Prior to graduating from elementary school my parents had bought me a female grey cockatiel, who I named Laverne. A cockatiel had been on my wish list for almost two years. A few months after we got Laverne I was allowed to adopt three English call ducks . Ducks had been on my periphery for even longer. Ever since then, I have always cared for both poultry and parrots simultaneously. For those who have contemplated backyard poultry and who currently have parrots there are some things to consider.
“I have been treating birds and exotic pets exclusively since 1996 and have been a board-certified avian veterinarian since 1998,?said Laurie Hess, DVM, Diplomate ABVP (Avian Practice) owner of Veterinary Center for Birds & Exotics has been a veterinarian since 1994. Although she sees more parrots than poultry her hospital recently has seen an increased number of chickens, around one a week, on average.
I wondered how disproportionate poultry owners are to parrot owners. “I think that a handful of people have both,?Hess said. “There are bird lovers who appreciate birds of all kinds as pets.?
Unfortunately, she says many bird owners (parrots and songbirds included) do not bring their pets into the veterinarian for regular check-ups. Caregivers wait until the birds are sick to have them examined. “Even fewer backyard poultry owners provide veterinary care at all for their birds,?Hess said.
“For all birds ?parrots or poultry ?preventing a medical problem is much better for the animal, and generally less expensive for the owner, than waiting to treat a medical problem once it starts,?Hess has observed. “Parrots should have annual examinations, including blood work and stool analysis, particularly as they get older.?Hess also said that poultry also require annual medical attention.
I believe that the reason why many backyard poultry owners do not take their birds in to see a veterinarian is because they are afraid of the cost. One resource that I have used to better my flock is through the National Poultry Improvement Plan (NPIP). The ?lan?as they say is a cooperative Federal-State-industry method to help control certain, potentially common, poultry diseases. The Plan consists of different programs intended to prevent and control poultry diseases. Participation in all Plan programs is voluntary. Every time I showed my poultry growing up, I had to show my flock? clean bill of health through the NPIP program. A representative came to my house, tested my pet chickens and provided me with the results in a very timely manner. Each bird tested for only a few dollars. It was very affordable.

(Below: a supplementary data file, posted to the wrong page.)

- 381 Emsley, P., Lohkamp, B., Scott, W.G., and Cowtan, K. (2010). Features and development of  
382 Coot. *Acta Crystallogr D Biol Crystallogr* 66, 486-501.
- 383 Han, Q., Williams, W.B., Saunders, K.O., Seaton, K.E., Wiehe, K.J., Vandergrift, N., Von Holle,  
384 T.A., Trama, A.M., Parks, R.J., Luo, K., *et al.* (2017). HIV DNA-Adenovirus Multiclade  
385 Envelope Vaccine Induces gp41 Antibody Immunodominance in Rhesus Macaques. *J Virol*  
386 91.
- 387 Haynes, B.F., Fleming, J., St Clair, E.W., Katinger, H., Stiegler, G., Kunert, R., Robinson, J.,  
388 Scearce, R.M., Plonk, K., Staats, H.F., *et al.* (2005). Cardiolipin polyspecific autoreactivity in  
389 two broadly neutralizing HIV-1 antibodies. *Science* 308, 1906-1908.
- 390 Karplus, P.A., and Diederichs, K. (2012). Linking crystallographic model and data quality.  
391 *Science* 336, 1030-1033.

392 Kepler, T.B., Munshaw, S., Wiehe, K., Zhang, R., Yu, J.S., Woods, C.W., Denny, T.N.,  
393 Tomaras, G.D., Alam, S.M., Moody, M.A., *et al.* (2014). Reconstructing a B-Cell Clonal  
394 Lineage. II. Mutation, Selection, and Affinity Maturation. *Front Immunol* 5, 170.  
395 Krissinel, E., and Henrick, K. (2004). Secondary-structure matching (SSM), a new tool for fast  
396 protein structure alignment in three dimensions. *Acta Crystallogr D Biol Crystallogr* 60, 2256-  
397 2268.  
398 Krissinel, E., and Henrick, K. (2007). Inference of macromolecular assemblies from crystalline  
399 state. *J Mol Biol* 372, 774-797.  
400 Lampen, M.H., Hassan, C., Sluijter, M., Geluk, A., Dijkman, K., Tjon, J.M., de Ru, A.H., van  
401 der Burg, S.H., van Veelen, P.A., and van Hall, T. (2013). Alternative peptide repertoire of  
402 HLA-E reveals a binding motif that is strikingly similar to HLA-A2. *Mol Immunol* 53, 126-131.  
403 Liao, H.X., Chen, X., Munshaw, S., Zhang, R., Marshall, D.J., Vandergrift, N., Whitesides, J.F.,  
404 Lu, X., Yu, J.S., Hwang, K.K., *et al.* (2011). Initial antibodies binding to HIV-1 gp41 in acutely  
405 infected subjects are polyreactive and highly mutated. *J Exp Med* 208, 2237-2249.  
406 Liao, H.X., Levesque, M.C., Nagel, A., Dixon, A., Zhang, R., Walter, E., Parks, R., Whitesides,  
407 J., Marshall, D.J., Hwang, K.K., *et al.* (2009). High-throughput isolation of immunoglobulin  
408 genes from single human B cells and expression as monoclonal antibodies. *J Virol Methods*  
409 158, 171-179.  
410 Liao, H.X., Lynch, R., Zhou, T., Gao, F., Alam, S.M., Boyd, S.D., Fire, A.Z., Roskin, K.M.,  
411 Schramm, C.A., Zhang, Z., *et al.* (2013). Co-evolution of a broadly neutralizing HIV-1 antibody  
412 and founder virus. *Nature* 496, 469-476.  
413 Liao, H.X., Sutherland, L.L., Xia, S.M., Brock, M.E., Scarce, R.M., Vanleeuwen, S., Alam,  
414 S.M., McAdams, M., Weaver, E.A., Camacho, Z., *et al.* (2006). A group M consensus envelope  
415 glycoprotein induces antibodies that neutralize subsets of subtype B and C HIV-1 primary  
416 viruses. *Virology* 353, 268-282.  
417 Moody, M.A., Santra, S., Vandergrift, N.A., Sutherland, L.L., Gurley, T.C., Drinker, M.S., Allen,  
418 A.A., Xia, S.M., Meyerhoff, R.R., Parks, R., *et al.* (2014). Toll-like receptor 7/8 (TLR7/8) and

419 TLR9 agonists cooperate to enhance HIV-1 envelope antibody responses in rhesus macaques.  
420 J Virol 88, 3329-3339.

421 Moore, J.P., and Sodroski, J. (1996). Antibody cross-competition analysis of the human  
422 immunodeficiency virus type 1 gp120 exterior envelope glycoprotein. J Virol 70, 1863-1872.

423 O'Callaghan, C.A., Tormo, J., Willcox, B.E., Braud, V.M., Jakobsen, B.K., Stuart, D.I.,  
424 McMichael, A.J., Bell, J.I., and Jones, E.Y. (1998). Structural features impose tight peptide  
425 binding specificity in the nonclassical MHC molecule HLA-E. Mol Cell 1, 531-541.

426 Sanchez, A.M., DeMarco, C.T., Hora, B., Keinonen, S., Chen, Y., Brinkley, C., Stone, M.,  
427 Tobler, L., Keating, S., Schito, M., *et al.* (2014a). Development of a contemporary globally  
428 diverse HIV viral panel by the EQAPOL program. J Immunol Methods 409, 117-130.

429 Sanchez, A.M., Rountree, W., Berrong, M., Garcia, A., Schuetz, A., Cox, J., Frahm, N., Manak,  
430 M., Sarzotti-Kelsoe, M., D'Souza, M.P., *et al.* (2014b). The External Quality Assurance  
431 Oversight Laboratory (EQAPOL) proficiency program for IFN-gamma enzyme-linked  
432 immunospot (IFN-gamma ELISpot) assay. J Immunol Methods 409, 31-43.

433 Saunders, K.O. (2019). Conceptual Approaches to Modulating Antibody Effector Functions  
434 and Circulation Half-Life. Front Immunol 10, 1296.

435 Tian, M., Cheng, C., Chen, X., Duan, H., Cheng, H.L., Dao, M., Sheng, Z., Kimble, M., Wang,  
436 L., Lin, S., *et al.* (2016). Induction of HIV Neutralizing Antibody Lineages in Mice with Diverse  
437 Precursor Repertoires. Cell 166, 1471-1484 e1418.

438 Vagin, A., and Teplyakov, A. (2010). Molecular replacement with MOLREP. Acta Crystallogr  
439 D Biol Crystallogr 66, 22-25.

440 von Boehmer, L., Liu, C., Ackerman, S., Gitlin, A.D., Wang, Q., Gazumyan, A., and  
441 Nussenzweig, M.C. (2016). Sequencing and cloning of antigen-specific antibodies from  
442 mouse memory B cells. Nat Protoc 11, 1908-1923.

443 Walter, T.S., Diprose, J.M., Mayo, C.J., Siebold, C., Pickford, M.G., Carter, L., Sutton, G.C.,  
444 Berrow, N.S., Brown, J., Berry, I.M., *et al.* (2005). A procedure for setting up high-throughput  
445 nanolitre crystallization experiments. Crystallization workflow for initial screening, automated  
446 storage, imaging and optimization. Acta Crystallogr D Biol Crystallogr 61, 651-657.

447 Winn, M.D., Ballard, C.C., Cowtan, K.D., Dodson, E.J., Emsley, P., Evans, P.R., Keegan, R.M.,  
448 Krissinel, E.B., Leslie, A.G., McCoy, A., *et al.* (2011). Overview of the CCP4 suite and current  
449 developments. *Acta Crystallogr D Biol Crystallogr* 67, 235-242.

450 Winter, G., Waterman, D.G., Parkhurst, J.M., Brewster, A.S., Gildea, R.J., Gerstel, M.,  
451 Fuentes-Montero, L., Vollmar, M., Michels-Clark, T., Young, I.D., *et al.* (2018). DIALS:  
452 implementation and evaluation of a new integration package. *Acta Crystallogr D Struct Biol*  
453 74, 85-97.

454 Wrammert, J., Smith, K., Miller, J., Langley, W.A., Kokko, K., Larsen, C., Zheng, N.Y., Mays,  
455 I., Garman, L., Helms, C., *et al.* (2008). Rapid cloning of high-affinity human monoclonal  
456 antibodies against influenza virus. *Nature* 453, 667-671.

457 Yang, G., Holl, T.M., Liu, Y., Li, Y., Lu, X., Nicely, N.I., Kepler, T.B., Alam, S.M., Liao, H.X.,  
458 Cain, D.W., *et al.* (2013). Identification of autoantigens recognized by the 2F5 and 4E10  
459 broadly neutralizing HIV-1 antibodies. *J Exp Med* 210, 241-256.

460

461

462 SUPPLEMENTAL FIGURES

To learn more about the NPIP you can visit their website http://poultryimprovement.org or you can search your state? Department of Agriculture.
“A veterinarian should check out a poultry flock and the conditions in which they are housed annually,?Hess added. “A flock stool sample should be examined for parasites each season, particularly if the owners are eating the eggs, so that people are not potentially ingesting these parasites when they eat the eggs.?Taking a flock fecal sample, compared to individual birds, will make the total cost much less.
Dr. Hesss recommends rotating the area in which poultry forage for their health. This minimizes the chance of the birds?re-ingesting parasite eggs passed through the stool into the soil on which they forage. At minimum, she says, the top few inches of soil should be changed out if moving the flock isn? possible.
“The concept of owning a backyard poultry flock to provide fresh eggs is very romantic; however, poultry owners must remember that commercial poultry farms are subject to very strict regulations to assure their eggs are fit for human consumption,?Dr. Hess says. “Thus, it? critical that backyard poultry owners realize that for the sake of both the birds and the egg-eating humans, these birds should be checked by a veterinarian regularly.?
Can Parrots & Poultry Coexist?
There are certainly several diseases that can be transmitted between parrots and poultry, most notably avian influenza, Hess said. “So, if someone is going to own both types of birds, they must pay attention to keeping these birds completely separate,?she said.
If a bird owner has both parrots and poultry, Dr. Hess urges the owner to change their clothes, including their shoes, when they go into their homes to handle their parrots after they have been touching or have even been around the poultry. The caregiver can bring in bacteria, parasites, viruses and other infectious agents on their shoes, clothes and hands. Food and supplies should also be kept separate.
Different birds have their own unique benefits. “Parrots make wonderful, often lifelong companions, and laying hens obviously provide fresh eggs to families for their consumption,?Hess said. “Bird owners who have both parrots and poultry can benefit doubly from their pets and also get to appreciate the very different personalities that parrots versus poultry have, as well as the different care these two groups of birds require.”
For more information on Dr. Hess check out:
Veterinary Center for Birds & Exotics
Facebook: Veterinary Center for Birds and Exotics , Dr. Laurie Hess
Twitter: @birdexoticvet , @DrLaurieHess
LinkedIn: Laurie Hess
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